Keratoconus is one of the leading indications worldwide for corneal transplant. As the disease progresses, the cornea undergoes progressive thinning and begins to protrude, causing irregular astigmatism and gradual vision loss.
People tend to develop keratoconus in their teens and 20s after the visual system has matured, says Ann Ostrovsky, MD, a clinical assistant professor of ophthalmology and director of the keratoconus program at NYU Langone Health. “Visual rehabilitation in patients with keratoconus should be possible in most cases since the visual potential of the eye is normal.”
Dr. Ostrovsky and colleagues are advancing keratoconus treatment using topography and tomography imaging modalities to diagnose early-stage disease, as well as collagen cross-linking to halt progression. “Rigid contact lenses can improve vision, but do not prevent disease progression. Advanced disease can result in corneal scarring and frequently requires transplant for visual rehabilitation,” she says.
Shukti Chakravarti, PhD, a professor of ophthalmology and pathology, is a cell biologist researching the pathogenesis of the disease. Together, Dr. Ostrovsky and Dr. Chakravarti are collaborating to understand the fundamental causes of keratoconus.
“We have families where several members are affected,” Dr. Ostrovsky says. “Those with certain systemic conditions, such as Down syndrome, connective tissue disorders like Marfan syndrome, and collagen vascular diseases, have a higher prevalence. Additionally, severe ocular allergy, blepharitis, and forceful rubbing can aggravate this condition.”
Investigating Genetic Components
Dr. Chakravarti began researching keratoconus because of her interest in extracellular matrix (ECM)–related pathologies of the cornea. “Initially, we were just looking for ECM changes and their effects on cell-to-cell communication. But a strong genetic component in keratoconus is undeniable,” she says.
“It is increasingly being appreciated that in a majority of patients, keratoconus is a polygenic, multifactorial disease. In that sense, it’s different from other diseases of the cornea that are caused by a handful of genes, like Fuchs dystrophy. Thus, studying keratoconus requires multiple approaches,” Dr. Chakravarti adds.
“In a majority of patients, keratoconus is a polygenic, multifactorial disease. In that sense, it’s different from other diseases of the cornea that are caused by a handful of genes.”Shukti Chakravarti, PhD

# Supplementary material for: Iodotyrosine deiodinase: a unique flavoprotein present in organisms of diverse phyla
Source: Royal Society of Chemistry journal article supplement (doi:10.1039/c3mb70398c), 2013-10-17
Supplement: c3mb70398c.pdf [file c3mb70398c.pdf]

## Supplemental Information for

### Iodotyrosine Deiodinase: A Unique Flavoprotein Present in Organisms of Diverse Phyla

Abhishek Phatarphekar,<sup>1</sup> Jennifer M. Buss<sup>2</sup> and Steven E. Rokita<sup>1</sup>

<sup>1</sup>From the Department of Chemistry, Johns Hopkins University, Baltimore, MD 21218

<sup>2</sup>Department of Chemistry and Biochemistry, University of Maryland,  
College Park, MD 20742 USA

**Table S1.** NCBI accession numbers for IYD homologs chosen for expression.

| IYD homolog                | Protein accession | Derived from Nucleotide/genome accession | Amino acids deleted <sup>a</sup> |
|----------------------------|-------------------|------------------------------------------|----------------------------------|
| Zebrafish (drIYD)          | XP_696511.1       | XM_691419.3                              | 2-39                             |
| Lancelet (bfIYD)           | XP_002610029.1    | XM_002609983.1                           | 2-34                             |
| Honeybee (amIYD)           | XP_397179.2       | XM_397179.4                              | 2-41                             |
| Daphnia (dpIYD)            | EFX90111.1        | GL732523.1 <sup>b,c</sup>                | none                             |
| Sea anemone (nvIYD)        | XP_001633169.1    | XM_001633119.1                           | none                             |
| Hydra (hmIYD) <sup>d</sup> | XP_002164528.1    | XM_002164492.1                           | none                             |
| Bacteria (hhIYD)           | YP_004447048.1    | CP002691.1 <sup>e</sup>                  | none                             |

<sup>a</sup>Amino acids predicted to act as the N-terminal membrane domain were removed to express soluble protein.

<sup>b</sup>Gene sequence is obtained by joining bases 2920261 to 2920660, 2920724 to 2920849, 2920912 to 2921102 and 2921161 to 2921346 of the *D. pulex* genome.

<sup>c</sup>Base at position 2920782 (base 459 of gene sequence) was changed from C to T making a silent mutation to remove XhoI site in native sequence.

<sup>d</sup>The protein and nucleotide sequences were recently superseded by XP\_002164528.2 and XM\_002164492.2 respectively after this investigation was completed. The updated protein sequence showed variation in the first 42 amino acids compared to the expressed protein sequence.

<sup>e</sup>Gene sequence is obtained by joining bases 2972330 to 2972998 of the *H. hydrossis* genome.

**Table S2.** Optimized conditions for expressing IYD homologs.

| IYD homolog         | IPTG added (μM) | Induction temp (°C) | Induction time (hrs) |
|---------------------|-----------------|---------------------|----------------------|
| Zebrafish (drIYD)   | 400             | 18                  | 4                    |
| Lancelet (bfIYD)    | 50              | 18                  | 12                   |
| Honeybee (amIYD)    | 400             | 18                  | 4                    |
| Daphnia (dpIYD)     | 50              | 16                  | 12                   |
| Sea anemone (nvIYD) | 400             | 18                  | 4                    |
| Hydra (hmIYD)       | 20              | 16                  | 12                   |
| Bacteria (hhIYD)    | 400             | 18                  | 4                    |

In a DNA sequencing study of 11 families affected by keratoconus, the researchers found potentially pathogenic variants in 8 different genes. Some were related to ECM integrity, which confirmed the investigators’ suspicion that ECM genes are important in keratoconus.
Patients with keratoconus with no obvious family history are also being recruited at the NYU Langone Eye Center for genomic studies. The researchers hope the pathogenic changes unraveled from discarded corneal tissues will provide clues about candidate genes in the isolated keratoconus patients.
Focus on Oxidative Stress
Dr. Chakravarti and colleagues have performed RNA sequencing and proteomic studies of discarded corneas from patients with keratoconus, identifying potential biomarkers and decreased antioxidant responses. “We think that unresolved oxidative stress impacts structural proteins that protect the eye’s integrity,” Dr. Chakravarti says.
She points to the potential diagnostic value of this discovery in keratoconus screening. “We realized that some of the oxidative stress byproducts show up in the tears; we are hoping to develop these as biomarkers or predictors of disease severity.”
There is utility in understanding the genetics, she adds, not only for stratifying patient risk, but in clinical scenarios. “For example, people who have a genetic predisposition to keratoconus should carefully be counseled about LASIK surgery because their corneas may already have an underlying structural weakness.”
Promoting Early Diagnosis
Dr. Ostrovsky is focused on raising awareness among pediatricians and eye care specialists to promote early diagnosis of keratoconus, especially in susceptible populations. To further this effort, she helped to establish NYU Langone’s multidisciplinary Down Syndrome Program, which includes ophthalmology.
In a recent article for the American Academy of Pediatrics, Dr. Ostrovsky outlines the hurdles in diagnosing disease in patients with Down syndrome. “These cases can be quite challenging because children with Down syndrome frequently don’t complain of vision loss,” she says, “and vision screening as well as obtaining quality tomography images are challenging due to patient cooperation.”
“Basic topography equipment is widely available but interpreting the results can be complicated. In subtle cases, it may be helpful to have a consultation with a cornea specialist.”Ann Ostrovsky, MD
As for the future, Dr. Ostrovsky says there is still work to do regarding screening paradigms for eye care professionals. “Basic topography equipment is widely available but interpreting the results can be complicated. In subtle cases, it may be helpful to have a consultation with a cornea specialist. This is where biomarkers can also be helpful.”